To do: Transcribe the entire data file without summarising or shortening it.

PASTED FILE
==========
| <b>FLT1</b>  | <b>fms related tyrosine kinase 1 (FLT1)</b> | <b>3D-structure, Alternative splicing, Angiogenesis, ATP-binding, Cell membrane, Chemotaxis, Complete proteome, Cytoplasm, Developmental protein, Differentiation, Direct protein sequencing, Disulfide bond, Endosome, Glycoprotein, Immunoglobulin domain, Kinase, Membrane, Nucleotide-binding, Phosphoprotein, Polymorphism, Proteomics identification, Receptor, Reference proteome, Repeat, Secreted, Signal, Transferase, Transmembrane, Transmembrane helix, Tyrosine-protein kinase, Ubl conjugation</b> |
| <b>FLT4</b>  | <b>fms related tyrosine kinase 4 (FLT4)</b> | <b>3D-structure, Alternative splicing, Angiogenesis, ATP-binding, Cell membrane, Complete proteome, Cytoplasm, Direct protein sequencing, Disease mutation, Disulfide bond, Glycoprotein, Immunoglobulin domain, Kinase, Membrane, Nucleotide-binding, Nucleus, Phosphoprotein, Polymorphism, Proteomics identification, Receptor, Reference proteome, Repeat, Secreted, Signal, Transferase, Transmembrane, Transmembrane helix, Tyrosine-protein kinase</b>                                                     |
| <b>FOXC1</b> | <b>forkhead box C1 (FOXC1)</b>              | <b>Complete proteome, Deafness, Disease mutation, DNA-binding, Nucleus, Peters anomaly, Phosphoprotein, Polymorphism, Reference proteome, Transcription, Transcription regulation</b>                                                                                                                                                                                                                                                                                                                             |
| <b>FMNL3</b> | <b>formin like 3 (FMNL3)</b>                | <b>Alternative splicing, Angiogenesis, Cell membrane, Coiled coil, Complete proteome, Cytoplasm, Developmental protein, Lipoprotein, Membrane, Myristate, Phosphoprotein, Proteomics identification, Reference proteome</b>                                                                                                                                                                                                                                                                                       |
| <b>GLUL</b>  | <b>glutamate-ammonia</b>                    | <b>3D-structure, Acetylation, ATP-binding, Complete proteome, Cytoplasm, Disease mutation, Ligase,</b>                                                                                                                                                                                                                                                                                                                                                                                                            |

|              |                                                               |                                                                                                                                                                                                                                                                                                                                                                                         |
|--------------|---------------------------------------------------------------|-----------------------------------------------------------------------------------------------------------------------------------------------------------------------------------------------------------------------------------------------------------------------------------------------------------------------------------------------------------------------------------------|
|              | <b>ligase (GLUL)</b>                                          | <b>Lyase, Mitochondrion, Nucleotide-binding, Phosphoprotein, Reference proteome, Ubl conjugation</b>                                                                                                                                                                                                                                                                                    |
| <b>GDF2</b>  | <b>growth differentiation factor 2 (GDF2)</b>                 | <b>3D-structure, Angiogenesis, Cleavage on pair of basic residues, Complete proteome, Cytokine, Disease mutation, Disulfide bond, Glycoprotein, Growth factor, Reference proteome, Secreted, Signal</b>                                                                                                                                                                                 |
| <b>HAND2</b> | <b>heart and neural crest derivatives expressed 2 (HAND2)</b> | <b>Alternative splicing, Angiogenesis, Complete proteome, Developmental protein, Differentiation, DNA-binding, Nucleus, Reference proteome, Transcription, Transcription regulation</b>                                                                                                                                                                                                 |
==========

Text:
| <b>FLT1</b>  | <b>fms related tyrosine kinase 1 (FLT1)</b> | <b>3D-structure, Alternative splicing, Angiogenesis, ATP-binding, Cell membrane, Chemotaxis, Complete proteome, Cytoplasm, Developmental protein, Differentiation, Direct protein sequencing, Disulfide bond, Endosome, Glycoprotein, Immunoglobulin domain, Kinase, Membrane, Nucleotide-binding, Phosphoprotein, Polymorphism, Proteomics identification, Receptor, Reference proteome, Repeat, Secreted, Signal, Transferase, Transmembrane, Transmembrane helix, Tyrosine-protein kinase, Ubl conjugation</b> |
| <b>FLT4</b>  | <b>fms related tyrosine kinase 4 (FLT4)</b> | <b>3D-structure, Alternative splicing, Angiogenesis, ATP-binding, Cell membrane, Complete proteome, Cytoplasm, Direct protein sequencing, Disease mutation, Disulfide bond, Glycoprotein, Immunoglobulin domain, Kinase, Membrane, Nucleotide-binding, Nucleus, Phosphoprotein, Polymorphism, Proteomics identification, Receptor, Reference proteome, Repeat, Secreted, Signal, Transferase, Transmembrane, Transmembrane helix, Tyrosine-protein kinase</b>                                                     |
| <b>FOXC1</b> | <b>forkhead box C1 (FOXC1)</b>              | <b>Complete proteome, Deafness, Disease mutation, DNA-binding, Nucleus, Peters anomaly, Phosphoprotein, Polymorphism, Reference proteome, Transcription, Transcription regulation</b>                                                                                                                                                                                                                                                                                                                             |
| <b>FMNL3</b> | <b>formin like 3 (FMNL3)</b>                | <b>Alternative splicing, Angiogenesis, Cell membrane, Coiled coil, Complete proteome, Cytoplasm, Developmental protein, Lipoprotein, Membrane, Myristate, Phosphoprotein, Proteomics identification, Reference proteome</b>                                                                                                                                                                                                                                                                                       |
| <b>GLUL</b>  | <b>glutamate-ammonia</b>                    | <b>3D-structure, Acetylation, ATP-binding, Complete proteome, Cytoplasm, Disease mutation, Ligase,</b>                                                                                                                                                                                                                                                                                                                                                                                                            |

|              |                                                               |                                                                                                                                                                                                                                                                                                                                                                                         |
|--------------|---------------------------------------------------------------|-----------------------------------------------------------------------------------------------------------------------------------------------------------------------------------------------------------------------------------------------------------------------------------------------------------------------------------------------------------------------------------------|
|              | <b>ligase (GLUL)</b>                                          | <b>Lyase, Mitochondrion, Nucleotide-binding, Phosphoprotein, Reference proteome, Ubl conjugation</b>                                                                                                                                                                                                                                                                                    |
| <b>GDF2</b>  | <b>growth differentiation factor 2 (GDF2)</b>                 | <b>3D-structure, Angiogenesis, Cleavage on pair of basic residues, Complete proteome, Cytokine, Disease mutation, Disulfide bond, Glycoprotein, Growth factor, Reference proteome, Secreted, Signal</b>                                                                                                                                                                                 |
| <b>HAND2</b> | <b>heart and neural crest derivatives expressed 2 (HAND2)</b> | <b>Alternative splicing, Angiogenesis, Complete proteome, Developmental protein, Differentiation, DNA-binding, Nucleus, Reference proteome, Transcription, Transcription regulation</b>                                                                                                                                                                                                 |